Geraldine Ferraro, first woman on U.S. presidential ticket, dies
WASHINGTON (Reuters) - Geraldine Ferraro, the Democratic congresswoman who became the first woman on a major party presidential ticket as Walter Mondale's running mate in 1984, died on Saturday at the age of 75, her family said.
Ferraro died at Massachusetts General Hospital in Boston of a blood cancer after a 12-year illness, according to a statement from her family.
"Her courage and generosity of spirit throughout her life waging battles big and small, public and personal, will never be forgotten and will be sorely missed," the statement said.
Ferraro was an energetic and articulate three-term congresswoman with a liberal reputation when Mondale picked her from the male-dominated U.S. House of Representatives. Ferraro's presence on the Democratic ticket generated excitement on the campaign trail, particularly among women.
Yet on Election Day, Republican President Ronald Reagan and Vice President George Bush won in a landslide, carrying every state except Mondale's home state of Minnesota.
In delivering her concession speech that night, Ferraro saluted Mondale for helping women reach new political heights.
"For two centuries, candidates have run for president. Not one from a major party ever asked a woman to be his running mate -- until Walter Mondale," she said. "Campaigns, even if you lose them, do serve a purpose. My candidacy has said the days of discrimination are numbered."
She drew attention during the campaign for breaking with her Catholic Church in supporting abortion rights.
As the first Italian-American on a major presidential ticket, Ferraro also faced questions about whether her family had connections to organized crime but none surfaced. The finances of her husband, John Zaccaro, also faced scrutiny.
President Barack Obama praised Ferraro's service and said she would have an impact on his daughters' lives.
"Geraldine will forever be remembered as a trailblazer who broke down barriers for women and Americans of all backgrounds and walks of life," he said in a statement. "... Sasha and Malia will grow up in a more equal America because of the life Geraldine Ferraro chose to live."
PIONEER FOR PALIN
In the years that followed Ferraro's candidacy, more women were elected to Congress and governorships and earned spots in presidential cabinets. No woman was on a presidential ticket, however, until Sarah Palin was chosen as the running mate for Republican John McCain in his losing 2008 campaign.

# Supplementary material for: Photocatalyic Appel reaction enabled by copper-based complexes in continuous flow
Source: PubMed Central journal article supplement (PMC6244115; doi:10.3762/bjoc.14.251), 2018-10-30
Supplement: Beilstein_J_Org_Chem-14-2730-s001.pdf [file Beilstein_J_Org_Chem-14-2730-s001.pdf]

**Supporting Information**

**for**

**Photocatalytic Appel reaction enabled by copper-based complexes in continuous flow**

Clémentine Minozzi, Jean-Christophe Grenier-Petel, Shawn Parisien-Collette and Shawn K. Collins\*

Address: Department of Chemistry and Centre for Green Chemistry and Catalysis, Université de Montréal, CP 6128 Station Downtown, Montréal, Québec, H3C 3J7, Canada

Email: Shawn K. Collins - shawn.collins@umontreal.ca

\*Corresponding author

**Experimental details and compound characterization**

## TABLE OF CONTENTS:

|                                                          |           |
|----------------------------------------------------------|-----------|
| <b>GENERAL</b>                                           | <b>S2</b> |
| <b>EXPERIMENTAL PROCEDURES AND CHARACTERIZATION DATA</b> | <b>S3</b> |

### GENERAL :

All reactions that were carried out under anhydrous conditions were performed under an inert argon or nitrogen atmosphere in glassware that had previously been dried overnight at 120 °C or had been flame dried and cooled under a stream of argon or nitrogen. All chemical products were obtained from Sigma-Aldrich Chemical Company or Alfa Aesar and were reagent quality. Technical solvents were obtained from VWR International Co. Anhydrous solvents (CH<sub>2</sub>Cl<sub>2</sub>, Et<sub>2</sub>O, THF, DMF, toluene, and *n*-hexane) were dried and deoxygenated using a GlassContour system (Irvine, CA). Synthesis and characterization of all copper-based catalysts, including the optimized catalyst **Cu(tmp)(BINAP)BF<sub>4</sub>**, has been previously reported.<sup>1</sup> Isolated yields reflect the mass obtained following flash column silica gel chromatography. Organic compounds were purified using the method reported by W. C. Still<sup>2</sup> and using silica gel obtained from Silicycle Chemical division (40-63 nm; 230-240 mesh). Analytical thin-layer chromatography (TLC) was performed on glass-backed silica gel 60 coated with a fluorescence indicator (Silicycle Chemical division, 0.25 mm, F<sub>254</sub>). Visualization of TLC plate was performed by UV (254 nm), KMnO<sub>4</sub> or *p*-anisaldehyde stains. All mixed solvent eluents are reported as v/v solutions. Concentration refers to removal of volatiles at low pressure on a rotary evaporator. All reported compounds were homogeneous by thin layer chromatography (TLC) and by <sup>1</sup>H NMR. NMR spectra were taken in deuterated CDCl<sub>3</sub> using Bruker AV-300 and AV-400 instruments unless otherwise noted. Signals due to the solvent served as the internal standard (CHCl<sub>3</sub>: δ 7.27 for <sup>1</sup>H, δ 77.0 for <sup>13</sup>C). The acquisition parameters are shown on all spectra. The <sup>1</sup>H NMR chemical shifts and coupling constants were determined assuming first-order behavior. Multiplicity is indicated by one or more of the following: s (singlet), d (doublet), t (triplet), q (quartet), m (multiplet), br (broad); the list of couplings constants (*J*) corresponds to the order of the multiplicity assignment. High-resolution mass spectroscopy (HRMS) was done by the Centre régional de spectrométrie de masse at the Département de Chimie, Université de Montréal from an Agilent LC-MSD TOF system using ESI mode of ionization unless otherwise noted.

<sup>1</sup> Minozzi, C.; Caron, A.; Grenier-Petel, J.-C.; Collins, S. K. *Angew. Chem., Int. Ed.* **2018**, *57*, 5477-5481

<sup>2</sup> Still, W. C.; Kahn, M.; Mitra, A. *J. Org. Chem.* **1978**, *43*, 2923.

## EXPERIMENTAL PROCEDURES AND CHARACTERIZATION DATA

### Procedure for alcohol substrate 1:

"So very sad, the passing of Geraldine Ferraro," Palin tweeted on Saturday. "God bless her family and friends; thank you for sharing this accomplished American with all of us."
In that 2008 election, Ferraro was a strong supporter of Democratic New York Senator Hillary Rodham Clinton, the former first lady. But Ferraro got the Clinton campaign in trouble when she said Clinton's rival, Obama, who was trying to become the first black presidential nominee, would not be leading the pack if he were white or a woman.
"He happens to be very lucky to be who he is," she said.
Some called her comments racist but she denied any racist sentiments. Still, she left Clinton's campaign shortly after.
Ferraro was born on August 26, 1935, in Newburgh, New York. Her father, Dominick, an Italian immigrant restaurant owner, died when she was 8. Her mother, Antonetta, was a seamstress.
Ferraro was a grade-school teacher and prosecutor in New York City before being elected to the House in 1978, representing the Queens section of New York City.
She gave up the seat to run with Mondale and then lost Democratic Senate primaries in 1992 and 1998.
In 1998, she was diagnosed with multiple myeloma, a rare blood cancer, but continued to lead an active life. She worked as a TV commentator and contributor for CNN and Fox News.
During the 1984 campaign, Ferraro was the target of sexist remarks, including some by Bush and his wife, Barbara. Mrs. Bush, talking to two reporters, said she and her husband had no intention of hiding their wealth -- "not like that 4 million dollar -- I can't say it but it rhymes with 'rich.'"
Bush, after his debate with Ferraro, told a group of longshoremen, "We tried to kick a little ass last night."
At a news conference the next day, Ferraro replied: "I would not address my opponent in the same way."
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